Seeing the international reach of the internet, my ambition was to make everything about Sellars available, refusing to let my dissertation and other works “pick up dust on a library shelf.” And I was inspired to do other projects — like the Meta-Encyclopedia of Philosophy.

    However, my sort of endeavor to make literature available on the internet has totally been superseded by such depositories as Wikipedia, Gutenberg,

    Since moving to Chicago in 1999, and discovering anarchism (which was never mentioned in any of my courses — ever), I have become an advocate of anarchism. And since bibliographies on anarchism, Switzerland, secession, and land rights are not sufficient to inspire readers, I decided a couple of years ago to do a Blog, in which I propagate my views. You see, while teaching introductory courses in philosophy at Wright College, Chicago, I came to realize from all my informal writings that I have ever done that my concern — private and philosophical — has always been to escape from bullshit.

    Yuval Noah Harari’s conflation (lumping together) of “common imaginations”

    I have now read Harari’s book Sapiens: A Brief History of Mankind (2014), and have watched him giving lectures and interviews. From an overarching perspective, he is a very clear writer and well informed, and reading him was a “smooth” process. However, in his reflections on human history there are intertwined different interests which left me somewhat confused as to his overarching concern, especially with the last chapters which were reflections on happiness and the prospects of various types of engineering of “sapience.”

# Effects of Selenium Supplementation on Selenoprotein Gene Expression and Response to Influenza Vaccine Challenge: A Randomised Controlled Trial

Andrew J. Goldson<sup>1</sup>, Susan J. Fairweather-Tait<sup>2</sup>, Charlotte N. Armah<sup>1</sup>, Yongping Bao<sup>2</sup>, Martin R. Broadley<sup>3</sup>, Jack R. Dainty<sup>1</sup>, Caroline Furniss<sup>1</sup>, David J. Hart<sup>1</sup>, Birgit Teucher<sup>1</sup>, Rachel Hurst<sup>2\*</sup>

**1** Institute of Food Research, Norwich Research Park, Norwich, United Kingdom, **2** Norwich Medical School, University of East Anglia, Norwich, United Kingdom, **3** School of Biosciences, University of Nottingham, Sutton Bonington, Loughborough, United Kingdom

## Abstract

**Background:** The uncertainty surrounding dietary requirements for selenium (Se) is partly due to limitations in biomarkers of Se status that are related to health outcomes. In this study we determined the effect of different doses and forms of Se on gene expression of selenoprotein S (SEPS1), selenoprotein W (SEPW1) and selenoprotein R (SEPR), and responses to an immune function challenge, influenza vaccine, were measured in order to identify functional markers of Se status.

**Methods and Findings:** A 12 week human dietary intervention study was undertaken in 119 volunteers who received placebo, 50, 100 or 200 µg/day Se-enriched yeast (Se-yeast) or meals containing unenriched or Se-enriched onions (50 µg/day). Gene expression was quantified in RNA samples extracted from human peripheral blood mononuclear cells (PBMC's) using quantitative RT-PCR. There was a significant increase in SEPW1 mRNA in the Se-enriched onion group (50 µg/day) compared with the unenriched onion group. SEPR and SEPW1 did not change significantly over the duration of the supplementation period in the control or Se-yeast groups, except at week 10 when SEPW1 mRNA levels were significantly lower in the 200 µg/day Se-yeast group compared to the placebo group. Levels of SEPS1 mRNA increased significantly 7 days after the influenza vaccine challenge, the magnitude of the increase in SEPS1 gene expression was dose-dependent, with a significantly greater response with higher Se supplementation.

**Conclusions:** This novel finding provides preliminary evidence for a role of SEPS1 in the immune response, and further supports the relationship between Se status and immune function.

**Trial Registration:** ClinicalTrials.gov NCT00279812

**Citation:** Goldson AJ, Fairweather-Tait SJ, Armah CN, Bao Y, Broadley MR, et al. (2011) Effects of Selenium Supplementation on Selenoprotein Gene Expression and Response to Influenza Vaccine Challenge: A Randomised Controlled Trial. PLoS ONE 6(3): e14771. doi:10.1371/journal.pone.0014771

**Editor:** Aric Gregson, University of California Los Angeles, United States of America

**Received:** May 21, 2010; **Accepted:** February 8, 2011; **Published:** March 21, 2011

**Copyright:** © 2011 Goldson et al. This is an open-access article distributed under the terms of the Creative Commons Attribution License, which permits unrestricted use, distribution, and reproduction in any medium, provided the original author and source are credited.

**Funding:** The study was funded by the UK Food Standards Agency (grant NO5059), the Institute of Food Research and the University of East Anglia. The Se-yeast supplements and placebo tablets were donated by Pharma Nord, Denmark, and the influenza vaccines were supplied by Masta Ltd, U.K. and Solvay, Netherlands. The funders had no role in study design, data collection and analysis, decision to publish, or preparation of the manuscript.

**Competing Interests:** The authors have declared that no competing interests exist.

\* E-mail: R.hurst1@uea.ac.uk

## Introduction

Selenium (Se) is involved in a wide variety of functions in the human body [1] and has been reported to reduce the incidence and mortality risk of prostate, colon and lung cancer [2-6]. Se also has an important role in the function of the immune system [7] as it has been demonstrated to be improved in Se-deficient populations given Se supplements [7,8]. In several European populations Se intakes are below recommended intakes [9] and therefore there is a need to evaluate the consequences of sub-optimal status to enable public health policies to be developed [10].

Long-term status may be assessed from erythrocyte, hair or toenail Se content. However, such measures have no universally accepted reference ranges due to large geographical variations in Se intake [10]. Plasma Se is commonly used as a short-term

So, as a first attempt at understanding his book, these various strands of interest should be distinguished. Here I will concern myself only with one major and fundamental confusion, which is embraced or covered over by the use of the word “fiction” and by the phrase “common imagination.”

    To clear up this confusion, we must start — as does Harari — with the distinction between humans beings and animals.

    Watch the following video in which Herari tries to explain this difference (as well as other topics).

    Commentary: He says that the difference between humans and animals is the fact that humans can cooperate more widely than, lets say, chimpanzees. That is true. But this cooperation is possible because we humans have a “human” language which no other animal does or can have. This allows us to share information with others and to make agreements. But from this elementary truth, he quickly jumps to the idea that we tell each other stories which gain acceptance. And he calls these stories “fictions,” giving the institution of money as a prime example. But then, in the same vein of thinking, he talks about religions and their “fictions.”

    This is confusing. The word “fiction” is a pejorative term which suggests that what is talked about is not real in some sense of “real.” I was similarly confused by the title of the book, Bentham’s Theory of Fictions, until I realized that Bentham was referring to abstract (non sensorial) concepts as “fictions” and reserved the term “fables” for mythological stories. Harari, unfortunately, does not make this distinction, but conflates it.

    With the use of language, humans can make agreements. However, we must distinguish those agreements which make a language possible in the first place, from the kinds of agreements which we can make by the use of language. An elementary feature of language is the existence of names. An animal is able to associate a sound with some object or activity, but only a human is able to understand that the sound “water” is, let us say, a common name in a language for water.

    With the working of a language, which could be described, though not happily, with Harari’s phrase as existing in a “common imagination” and as a “fiction” (= creation of the mind), different activities are possible through Speech Acts. As an antidote to what Harari writes, I urge the reader to get acquainted with what John Searle had written and lectured on Speech Acts. See:

    John Searle explains how social reality is created